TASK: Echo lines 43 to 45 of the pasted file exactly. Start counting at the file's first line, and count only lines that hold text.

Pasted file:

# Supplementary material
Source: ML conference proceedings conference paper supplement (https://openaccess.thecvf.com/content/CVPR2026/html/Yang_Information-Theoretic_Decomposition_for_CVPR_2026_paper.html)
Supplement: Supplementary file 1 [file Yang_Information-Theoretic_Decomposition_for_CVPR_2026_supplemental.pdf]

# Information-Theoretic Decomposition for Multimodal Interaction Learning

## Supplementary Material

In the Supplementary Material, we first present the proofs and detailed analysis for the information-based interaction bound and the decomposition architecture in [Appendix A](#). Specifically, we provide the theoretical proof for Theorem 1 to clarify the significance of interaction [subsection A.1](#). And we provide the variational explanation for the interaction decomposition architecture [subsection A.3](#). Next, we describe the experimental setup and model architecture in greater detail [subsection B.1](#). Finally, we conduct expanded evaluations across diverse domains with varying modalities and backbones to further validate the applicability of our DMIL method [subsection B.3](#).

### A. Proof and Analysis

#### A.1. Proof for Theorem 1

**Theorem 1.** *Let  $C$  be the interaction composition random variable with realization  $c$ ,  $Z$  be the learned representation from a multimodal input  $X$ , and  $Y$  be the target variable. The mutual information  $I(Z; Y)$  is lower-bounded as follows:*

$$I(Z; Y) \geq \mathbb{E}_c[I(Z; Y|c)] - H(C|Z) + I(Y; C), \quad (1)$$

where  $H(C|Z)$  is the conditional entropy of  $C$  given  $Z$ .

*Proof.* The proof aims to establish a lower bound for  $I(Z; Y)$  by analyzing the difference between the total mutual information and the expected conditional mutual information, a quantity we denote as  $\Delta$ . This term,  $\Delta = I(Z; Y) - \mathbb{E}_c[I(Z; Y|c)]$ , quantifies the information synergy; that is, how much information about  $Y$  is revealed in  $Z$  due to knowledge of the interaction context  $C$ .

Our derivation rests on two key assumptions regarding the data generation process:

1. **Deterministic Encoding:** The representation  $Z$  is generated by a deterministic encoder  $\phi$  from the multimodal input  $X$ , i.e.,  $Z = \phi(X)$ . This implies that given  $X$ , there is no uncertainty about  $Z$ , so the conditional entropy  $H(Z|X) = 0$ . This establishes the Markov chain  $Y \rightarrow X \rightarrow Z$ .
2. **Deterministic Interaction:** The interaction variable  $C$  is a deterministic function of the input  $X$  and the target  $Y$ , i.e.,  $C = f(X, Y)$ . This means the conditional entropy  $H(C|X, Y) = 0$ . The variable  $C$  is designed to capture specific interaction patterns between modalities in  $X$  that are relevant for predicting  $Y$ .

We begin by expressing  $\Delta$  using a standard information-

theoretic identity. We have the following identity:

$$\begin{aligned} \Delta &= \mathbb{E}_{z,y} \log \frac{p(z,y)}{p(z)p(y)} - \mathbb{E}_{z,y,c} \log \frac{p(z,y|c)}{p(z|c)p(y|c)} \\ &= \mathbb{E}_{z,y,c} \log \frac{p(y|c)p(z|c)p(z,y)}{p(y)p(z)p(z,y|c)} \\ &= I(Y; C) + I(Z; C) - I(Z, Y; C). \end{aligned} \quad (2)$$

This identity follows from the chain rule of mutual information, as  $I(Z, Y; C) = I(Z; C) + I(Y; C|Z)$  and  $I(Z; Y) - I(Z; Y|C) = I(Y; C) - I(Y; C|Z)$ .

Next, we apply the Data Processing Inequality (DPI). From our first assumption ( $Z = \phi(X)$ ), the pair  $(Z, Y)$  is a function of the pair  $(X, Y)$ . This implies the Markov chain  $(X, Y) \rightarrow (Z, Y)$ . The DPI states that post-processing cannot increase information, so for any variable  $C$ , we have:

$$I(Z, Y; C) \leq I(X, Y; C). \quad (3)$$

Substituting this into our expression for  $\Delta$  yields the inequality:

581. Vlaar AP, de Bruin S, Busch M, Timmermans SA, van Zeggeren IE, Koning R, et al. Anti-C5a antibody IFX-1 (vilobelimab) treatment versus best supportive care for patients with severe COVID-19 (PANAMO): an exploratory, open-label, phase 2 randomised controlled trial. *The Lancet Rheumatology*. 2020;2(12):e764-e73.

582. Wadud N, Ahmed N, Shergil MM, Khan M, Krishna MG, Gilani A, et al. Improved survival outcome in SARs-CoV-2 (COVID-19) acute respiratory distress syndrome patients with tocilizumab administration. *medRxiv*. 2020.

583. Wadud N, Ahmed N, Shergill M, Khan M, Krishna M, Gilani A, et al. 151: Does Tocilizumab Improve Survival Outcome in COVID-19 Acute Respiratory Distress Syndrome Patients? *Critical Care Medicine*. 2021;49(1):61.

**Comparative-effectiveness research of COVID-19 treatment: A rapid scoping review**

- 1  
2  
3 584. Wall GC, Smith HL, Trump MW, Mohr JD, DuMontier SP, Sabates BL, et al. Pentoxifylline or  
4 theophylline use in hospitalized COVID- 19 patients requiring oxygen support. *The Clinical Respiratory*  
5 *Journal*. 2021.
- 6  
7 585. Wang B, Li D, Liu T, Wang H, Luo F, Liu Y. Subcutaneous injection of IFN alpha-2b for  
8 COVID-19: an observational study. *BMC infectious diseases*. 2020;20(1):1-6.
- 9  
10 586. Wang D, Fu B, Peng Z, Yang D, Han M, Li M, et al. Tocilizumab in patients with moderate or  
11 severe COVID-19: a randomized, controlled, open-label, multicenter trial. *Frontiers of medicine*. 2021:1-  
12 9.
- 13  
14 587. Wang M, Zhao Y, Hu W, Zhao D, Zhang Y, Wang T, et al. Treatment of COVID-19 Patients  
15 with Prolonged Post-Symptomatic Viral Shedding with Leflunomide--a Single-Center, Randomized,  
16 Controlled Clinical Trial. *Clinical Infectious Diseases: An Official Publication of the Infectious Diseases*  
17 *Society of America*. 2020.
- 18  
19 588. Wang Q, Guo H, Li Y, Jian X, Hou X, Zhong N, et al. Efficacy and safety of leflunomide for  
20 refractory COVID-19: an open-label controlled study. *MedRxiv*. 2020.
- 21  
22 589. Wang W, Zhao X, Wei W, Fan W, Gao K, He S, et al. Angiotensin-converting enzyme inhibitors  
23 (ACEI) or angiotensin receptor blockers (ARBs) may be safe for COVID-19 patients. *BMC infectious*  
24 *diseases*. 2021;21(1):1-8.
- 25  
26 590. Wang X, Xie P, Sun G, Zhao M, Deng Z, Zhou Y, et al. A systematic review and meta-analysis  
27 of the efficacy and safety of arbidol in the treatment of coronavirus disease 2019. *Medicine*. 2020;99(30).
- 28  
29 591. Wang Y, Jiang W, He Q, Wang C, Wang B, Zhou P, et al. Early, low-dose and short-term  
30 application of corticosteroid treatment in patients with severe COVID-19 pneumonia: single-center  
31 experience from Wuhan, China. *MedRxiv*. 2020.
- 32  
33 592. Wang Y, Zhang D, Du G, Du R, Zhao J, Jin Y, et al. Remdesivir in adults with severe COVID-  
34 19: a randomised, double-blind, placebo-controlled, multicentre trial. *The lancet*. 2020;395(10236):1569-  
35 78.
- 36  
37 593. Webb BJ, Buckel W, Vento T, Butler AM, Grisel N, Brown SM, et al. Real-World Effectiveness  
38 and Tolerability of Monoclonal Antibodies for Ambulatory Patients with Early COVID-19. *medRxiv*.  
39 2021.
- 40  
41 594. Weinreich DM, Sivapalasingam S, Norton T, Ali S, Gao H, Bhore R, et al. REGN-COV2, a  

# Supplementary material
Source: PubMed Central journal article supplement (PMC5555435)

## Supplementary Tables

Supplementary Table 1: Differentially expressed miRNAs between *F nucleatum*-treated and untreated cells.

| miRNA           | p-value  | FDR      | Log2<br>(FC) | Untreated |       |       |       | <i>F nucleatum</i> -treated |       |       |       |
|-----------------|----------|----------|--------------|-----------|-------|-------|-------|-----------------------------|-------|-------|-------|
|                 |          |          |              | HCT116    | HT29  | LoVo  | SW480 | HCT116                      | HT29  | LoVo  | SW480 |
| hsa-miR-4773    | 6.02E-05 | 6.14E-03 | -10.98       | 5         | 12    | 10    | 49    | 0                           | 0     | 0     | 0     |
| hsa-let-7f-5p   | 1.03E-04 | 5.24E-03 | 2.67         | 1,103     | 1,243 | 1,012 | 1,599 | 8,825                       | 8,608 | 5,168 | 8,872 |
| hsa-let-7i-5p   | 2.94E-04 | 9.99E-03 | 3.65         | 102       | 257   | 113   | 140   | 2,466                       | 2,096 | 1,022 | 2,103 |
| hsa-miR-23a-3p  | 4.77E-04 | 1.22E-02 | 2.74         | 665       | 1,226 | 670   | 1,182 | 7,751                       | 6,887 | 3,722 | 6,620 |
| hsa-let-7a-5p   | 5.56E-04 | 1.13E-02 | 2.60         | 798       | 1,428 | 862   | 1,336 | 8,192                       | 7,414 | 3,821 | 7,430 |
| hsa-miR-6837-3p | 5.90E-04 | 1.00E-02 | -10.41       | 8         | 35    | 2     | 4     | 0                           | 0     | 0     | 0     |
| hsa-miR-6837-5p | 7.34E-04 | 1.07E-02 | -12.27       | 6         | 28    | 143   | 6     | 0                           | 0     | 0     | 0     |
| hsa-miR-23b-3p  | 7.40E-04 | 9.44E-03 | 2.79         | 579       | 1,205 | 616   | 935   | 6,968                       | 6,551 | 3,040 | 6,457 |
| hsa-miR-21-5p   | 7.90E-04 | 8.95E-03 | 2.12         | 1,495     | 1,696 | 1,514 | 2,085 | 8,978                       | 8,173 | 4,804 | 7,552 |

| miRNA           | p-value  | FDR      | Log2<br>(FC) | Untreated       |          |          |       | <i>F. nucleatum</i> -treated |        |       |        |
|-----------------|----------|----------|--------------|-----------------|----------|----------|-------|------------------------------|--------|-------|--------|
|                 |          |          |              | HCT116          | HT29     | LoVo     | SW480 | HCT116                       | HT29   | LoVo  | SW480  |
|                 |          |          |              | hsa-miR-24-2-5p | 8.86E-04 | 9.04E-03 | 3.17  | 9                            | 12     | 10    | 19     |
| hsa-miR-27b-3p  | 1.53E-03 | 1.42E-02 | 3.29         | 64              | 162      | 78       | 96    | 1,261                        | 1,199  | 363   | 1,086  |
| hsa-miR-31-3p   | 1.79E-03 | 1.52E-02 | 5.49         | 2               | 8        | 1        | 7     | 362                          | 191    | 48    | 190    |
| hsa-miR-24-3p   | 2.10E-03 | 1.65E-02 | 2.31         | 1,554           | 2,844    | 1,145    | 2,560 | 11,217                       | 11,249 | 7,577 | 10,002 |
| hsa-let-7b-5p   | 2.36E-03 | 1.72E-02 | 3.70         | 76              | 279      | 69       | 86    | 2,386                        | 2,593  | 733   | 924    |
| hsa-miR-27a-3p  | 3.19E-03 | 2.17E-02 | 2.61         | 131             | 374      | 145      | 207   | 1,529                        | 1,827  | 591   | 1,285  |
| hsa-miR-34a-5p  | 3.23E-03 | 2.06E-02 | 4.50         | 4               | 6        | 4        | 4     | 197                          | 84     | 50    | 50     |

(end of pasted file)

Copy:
17 *Society of America*. 2020.
- 18  
19 588. Wang Q, Guo H, Li Y, Jian X, Hou X, Zhong N, et al. Efficacy and safety of leflunomide for  